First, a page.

Part of Con McGrath’s Role of the Irish in WWII Series


A pioneer of the American animation industry, Walt Disney introduced several developments in the production of cartoons; and as a film producer, he holds the record for most Academy Awards earned and nominations by an individual, having won 22 Oscars from 59 nominations.

Yet as highlighted in the delightful song ‘The Disney Gravestone’ by renowned Carlow born singer and entertainer Richie Kavanagh, the Disney family have direct ancestral connections with counties Carlow and Kilkenny.
In 1801, Arundel Elias Disney, great-grandfather of Walt Disney, was born in Gowran, Co. Kilkenny. In 1834 he emigrated with his family to North America. His Irish-born son, Kepple, married another Irish-born immigrant, Mary Richardson, and their eldest son, Elias, would become Walt’s father.

On December 5, 1901 the famed Walt Disney was born in a small house on North Tripp Avenue in the Hermosa neighborhood of Chicago. From an early age he developed an interest in drawing.

In mid-1918, he attempted to join the United States Army to fight the Germans, but he was rejected as too young. After forging the date of birth on his birth certificate, he joined the Red Cross in September 1918 as an ambulance driver. He was shipped to France but arrived in November, after the armistice. He drew cartoons on the side of his ambulance for decoration and had some of his work published in the army newspaper ‘Stars and Stripes’.

Disney moved to Hollywood in July 1923 at 21 years old. Although New York was the center of the cartoon industry, he was attracted to Los Angeles because his brother Roy was convalescing from tuberculosis there, and he hoped to become a live-action film director.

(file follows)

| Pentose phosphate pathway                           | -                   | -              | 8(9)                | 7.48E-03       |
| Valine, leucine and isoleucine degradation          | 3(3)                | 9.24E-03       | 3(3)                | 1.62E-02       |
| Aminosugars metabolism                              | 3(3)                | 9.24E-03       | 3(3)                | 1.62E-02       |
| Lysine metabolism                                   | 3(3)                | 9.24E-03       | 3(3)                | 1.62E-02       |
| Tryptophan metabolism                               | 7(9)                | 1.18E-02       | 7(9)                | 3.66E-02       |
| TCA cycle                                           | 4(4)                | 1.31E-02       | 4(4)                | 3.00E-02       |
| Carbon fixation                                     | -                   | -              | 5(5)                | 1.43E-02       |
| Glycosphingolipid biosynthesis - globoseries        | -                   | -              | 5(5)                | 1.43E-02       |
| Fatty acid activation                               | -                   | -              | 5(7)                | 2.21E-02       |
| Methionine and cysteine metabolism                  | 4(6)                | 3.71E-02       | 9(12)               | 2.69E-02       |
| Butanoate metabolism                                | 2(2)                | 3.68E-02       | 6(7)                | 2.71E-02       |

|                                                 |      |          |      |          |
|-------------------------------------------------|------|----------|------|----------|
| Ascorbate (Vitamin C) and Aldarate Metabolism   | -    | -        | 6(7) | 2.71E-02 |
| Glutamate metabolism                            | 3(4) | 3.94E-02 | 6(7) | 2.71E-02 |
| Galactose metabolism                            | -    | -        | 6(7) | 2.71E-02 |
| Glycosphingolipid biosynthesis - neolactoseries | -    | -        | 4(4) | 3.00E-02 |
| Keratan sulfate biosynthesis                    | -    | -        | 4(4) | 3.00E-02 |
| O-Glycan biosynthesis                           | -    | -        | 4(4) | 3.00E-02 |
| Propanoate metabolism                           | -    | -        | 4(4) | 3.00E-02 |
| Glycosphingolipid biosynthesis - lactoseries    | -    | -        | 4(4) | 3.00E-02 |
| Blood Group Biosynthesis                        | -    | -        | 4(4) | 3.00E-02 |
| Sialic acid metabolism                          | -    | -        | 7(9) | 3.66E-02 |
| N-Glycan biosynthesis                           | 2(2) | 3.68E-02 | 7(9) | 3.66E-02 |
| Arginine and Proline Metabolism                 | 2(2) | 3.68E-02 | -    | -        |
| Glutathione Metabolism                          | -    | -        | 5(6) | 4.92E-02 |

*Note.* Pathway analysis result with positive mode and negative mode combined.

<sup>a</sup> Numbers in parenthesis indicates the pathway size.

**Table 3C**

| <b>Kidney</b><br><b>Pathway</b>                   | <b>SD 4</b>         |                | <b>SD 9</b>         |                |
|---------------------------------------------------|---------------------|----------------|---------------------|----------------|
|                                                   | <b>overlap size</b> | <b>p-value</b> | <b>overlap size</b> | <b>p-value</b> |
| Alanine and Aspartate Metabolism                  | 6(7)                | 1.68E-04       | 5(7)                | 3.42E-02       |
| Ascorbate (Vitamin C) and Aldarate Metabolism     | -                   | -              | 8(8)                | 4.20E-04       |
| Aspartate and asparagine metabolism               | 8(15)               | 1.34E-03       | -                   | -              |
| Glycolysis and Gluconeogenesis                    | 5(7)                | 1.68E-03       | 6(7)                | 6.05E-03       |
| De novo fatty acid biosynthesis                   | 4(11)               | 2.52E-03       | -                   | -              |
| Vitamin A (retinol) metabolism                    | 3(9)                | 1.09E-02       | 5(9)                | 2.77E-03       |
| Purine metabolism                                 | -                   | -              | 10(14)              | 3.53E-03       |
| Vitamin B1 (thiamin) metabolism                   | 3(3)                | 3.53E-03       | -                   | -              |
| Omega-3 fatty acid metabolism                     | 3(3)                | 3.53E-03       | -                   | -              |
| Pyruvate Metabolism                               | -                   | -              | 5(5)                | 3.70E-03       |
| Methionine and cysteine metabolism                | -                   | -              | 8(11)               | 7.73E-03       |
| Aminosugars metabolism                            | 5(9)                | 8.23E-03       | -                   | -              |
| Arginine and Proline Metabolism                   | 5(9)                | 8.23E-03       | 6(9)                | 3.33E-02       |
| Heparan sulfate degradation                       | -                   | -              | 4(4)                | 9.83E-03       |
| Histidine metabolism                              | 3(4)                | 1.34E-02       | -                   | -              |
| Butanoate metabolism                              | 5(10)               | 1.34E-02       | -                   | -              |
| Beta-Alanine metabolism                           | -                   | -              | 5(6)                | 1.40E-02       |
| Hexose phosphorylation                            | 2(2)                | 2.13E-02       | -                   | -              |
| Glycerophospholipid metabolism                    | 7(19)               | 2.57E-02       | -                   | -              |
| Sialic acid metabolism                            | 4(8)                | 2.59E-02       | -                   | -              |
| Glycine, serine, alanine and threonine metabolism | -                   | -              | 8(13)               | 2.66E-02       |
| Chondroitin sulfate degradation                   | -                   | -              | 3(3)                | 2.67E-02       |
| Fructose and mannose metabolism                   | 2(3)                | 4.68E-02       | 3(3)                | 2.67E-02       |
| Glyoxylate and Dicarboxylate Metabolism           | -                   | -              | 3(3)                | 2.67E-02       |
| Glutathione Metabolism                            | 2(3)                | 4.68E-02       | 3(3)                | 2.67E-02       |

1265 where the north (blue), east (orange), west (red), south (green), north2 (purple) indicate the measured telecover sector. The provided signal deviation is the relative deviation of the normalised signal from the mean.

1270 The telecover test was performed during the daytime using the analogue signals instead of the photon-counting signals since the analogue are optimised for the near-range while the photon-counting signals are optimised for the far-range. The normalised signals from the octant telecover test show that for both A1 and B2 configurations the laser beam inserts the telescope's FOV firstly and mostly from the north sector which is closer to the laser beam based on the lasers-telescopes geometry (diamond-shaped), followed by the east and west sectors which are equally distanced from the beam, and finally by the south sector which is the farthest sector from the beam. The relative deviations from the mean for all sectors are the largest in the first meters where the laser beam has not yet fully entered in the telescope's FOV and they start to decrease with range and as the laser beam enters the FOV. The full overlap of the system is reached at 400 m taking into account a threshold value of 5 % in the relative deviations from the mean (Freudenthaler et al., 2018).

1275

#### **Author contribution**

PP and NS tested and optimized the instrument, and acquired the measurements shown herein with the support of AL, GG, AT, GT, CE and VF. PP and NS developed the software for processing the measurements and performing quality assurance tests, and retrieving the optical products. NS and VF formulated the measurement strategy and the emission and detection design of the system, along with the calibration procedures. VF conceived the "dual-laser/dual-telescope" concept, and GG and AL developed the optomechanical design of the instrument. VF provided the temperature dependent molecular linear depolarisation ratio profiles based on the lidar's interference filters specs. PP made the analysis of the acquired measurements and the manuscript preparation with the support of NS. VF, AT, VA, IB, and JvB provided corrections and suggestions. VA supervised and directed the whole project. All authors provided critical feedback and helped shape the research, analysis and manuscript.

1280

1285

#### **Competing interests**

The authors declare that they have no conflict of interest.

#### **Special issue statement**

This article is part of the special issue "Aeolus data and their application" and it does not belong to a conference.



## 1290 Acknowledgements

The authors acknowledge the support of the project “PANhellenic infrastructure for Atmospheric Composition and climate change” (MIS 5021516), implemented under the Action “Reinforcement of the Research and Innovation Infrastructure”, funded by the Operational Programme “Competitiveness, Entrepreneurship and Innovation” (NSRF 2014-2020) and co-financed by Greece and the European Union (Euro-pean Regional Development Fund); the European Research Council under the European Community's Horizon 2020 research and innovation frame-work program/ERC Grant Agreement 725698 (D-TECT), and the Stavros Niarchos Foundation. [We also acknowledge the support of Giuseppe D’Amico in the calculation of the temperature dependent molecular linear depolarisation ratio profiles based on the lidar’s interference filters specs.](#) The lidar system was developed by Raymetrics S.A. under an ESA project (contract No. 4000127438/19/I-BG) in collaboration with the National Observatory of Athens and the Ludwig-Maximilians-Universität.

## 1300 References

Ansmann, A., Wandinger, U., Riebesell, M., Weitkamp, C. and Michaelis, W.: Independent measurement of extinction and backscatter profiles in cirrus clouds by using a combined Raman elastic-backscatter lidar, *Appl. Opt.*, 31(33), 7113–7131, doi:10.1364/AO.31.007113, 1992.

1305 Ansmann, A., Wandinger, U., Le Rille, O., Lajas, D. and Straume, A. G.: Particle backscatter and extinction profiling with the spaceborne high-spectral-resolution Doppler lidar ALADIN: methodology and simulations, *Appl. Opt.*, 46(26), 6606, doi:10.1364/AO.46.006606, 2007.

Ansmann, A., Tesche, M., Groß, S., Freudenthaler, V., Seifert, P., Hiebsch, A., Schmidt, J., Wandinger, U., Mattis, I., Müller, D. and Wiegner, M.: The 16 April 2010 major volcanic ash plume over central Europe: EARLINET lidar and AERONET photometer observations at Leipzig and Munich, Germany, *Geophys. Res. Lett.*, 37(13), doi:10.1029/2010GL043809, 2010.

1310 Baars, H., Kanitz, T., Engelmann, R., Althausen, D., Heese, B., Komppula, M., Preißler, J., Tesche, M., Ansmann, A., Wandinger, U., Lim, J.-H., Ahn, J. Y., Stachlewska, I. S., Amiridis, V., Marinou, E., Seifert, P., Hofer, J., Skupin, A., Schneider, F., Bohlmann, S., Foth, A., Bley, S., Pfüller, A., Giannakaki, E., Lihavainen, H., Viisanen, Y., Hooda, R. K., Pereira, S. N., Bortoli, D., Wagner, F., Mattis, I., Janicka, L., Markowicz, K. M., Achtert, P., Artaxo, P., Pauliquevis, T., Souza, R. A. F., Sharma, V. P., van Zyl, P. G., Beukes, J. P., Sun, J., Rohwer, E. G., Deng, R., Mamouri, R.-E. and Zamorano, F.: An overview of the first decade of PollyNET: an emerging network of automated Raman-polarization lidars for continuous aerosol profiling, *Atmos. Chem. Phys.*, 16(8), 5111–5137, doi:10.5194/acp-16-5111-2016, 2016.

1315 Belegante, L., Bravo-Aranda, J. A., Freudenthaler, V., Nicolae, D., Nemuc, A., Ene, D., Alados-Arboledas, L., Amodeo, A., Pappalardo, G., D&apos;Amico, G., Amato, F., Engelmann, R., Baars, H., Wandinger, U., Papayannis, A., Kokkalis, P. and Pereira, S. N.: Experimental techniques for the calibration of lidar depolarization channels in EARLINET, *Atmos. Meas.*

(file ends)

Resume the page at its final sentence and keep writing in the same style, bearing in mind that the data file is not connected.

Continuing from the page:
The brothers set up ‘Disney Brothers Studio’, and Walt, along with animator Ub Iwerks, developed the character Mickey Mouse in 1928. Walt’s original choice of name was Mortimer Mouse, but his wife Lillian thought it too pompous, and suggested ‘Mickey’ instead. Mickey Mouse proved highly popular, Walt even providing the voice for his creation in the early years.

Yet leading into World War ll, Walt Disney Studios was on the verge of bankruptcy. While the studios had entered the early 1940s with major profits from films like ‘Snow White’ which had seen high revenues, Walt Disney had a tendency to use all profits from released films towards the production of new ones. In 1941, with the release of ‘Fantasia’ this policy led to severe economic loss within the company. Walt Disney spent four times more than his planned budget on the production of Fantasia which totalled about $2.8 million. However, Fantasia did not receive the attention Walt Disney thought it would.

Other films like ‘Pinocchio’ also failed to bring in the profits Disney predicted because the war in Europe had prevented European movie-goers from seeing the film, minimising the studio’s foreign revenue.

Continue reading in this week’s Ireland’s Own